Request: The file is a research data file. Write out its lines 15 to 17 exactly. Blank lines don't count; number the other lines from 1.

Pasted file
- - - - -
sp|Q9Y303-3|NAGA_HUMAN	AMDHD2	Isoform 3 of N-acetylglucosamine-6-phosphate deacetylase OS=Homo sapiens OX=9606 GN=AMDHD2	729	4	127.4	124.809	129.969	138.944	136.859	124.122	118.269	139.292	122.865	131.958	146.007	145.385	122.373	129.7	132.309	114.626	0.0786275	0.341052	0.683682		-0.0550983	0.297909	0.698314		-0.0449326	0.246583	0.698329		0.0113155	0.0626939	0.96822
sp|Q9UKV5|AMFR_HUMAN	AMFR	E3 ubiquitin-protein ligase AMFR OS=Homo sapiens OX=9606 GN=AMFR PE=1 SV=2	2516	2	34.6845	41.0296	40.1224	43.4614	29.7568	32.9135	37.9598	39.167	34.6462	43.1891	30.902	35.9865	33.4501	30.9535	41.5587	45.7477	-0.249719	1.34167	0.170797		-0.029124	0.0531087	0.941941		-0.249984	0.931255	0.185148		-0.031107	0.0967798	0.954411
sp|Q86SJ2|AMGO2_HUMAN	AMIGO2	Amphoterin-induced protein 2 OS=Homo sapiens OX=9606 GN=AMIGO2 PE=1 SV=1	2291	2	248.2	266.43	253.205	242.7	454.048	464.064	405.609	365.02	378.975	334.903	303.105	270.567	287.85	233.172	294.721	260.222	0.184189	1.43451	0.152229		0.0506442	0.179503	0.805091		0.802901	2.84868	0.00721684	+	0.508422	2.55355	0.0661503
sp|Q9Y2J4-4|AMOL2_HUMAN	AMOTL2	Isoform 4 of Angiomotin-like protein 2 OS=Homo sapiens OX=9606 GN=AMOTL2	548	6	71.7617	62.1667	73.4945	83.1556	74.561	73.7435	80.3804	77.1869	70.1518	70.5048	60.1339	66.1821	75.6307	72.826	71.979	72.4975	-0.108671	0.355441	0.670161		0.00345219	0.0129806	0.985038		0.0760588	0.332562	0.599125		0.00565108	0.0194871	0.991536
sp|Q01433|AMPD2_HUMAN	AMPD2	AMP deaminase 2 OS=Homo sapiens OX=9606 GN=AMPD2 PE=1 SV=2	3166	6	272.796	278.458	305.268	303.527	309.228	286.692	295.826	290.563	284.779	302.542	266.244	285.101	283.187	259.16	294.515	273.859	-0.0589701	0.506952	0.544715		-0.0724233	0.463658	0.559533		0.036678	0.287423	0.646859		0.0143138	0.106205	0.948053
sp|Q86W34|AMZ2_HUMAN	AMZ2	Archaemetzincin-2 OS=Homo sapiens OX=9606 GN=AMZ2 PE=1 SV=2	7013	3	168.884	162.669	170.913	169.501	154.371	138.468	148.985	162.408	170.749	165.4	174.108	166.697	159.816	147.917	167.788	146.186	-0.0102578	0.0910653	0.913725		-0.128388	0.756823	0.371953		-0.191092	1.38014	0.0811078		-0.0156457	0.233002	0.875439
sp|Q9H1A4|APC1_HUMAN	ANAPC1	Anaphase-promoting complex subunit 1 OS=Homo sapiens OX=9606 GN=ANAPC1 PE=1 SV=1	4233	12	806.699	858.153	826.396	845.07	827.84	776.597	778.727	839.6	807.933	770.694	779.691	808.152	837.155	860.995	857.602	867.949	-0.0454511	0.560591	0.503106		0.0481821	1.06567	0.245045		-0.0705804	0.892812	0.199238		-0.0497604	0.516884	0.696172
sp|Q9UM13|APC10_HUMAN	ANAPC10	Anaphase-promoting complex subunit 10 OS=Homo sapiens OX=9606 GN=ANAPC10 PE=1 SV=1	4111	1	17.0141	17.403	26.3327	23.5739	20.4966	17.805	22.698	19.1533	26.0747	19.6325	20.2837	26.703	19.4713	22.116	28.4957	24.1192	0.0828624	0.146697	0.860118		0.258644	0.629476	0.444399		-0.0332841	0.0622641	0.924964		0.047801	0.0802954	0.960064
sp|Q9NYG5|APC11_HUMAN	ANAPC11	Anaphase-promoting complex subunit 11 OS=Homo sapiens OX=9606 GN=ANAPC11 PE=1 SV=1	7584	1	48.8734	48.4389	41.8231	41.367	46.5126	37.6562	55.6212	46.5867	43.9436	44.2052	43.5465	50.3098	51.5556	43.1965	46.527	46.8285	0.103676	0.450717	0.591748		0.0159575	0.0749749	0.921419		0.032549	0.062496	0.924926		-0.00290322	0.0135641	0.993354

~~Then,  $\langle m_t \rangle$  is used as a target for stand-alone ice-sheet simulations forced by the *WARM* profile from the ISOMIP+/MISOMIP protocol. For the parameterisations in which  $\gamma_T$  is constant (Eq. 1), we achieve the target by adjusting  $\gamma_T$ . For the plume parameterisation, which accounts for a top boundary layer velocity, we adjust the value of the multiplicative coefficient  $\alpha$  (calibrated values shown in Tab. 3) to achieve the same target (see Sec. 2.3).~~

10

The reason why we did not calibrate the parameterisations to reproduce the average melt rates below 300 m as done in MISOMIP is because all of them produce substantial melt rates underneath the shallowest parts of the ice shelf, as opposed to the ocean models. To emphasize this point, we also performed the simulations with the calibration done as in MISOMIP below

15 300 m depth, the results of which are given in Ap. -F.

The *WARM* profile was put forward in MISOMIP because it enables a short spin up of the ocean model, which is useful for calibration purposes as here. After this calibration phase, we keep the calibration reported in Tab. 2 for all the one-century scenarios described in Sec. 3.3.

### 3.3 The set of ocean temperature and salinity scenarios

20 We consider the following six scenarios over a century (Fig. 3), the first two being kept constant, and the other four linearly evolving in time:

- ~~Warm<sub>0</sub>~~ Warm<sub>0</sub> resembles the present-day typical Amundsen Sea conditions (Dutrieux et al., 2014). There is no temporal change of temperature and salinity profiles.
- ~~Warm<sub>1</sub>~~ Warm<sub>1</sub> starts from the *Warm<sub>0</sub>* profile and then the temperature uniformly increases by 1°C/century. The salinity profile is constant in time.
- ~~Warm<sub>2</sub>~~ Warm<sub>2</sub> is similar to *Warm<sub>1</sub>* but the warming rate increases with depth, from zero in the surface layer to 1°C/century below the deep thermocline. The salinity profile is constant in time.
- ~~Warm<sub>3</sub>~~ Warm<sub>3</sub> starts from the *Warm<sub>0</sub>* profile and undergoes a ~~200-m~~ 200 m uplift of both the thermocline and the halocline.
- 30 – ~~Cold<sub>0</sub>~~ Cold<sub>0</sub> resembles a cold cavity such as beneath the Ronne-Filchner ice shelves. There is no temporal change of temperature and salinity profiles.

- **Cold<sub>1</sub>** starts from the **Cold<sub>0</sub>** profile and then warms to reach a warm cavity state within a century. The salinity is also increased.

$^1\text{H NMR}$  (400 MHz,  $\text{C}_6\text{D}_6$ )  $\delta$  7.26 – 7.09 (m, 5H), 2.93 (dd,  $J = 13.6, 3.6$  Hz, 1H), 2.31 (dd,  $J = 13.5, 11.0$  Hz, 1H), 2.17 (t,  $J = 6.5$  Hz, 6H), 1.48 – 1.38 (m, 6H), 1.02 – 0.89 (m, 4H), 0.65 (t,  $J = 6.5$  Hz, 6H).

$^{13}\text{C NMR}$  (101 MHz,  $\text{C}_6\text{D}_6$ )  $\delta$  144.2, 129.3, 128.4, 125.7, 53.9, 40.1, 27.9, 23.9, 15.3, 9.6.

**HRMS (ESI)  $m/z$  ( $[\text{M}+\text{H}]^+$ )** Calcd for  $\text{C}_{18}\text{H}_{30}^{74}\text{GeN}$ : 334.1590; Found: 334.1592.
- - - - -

### 3.3 The set of ocean temperature and salinity scenarios

20 We consider the following six scenarios over a century (Fig. 3), the first two being kept constant, and the other four linearly evolving in time:

- ~~Warm<sub>0</sub>~~ Warm<sub>0</sub> resembles the present-day typical Amundsen Sea conditions (Dutrieux et al., 2014). There is no temporal change of temperature and salinity profiles.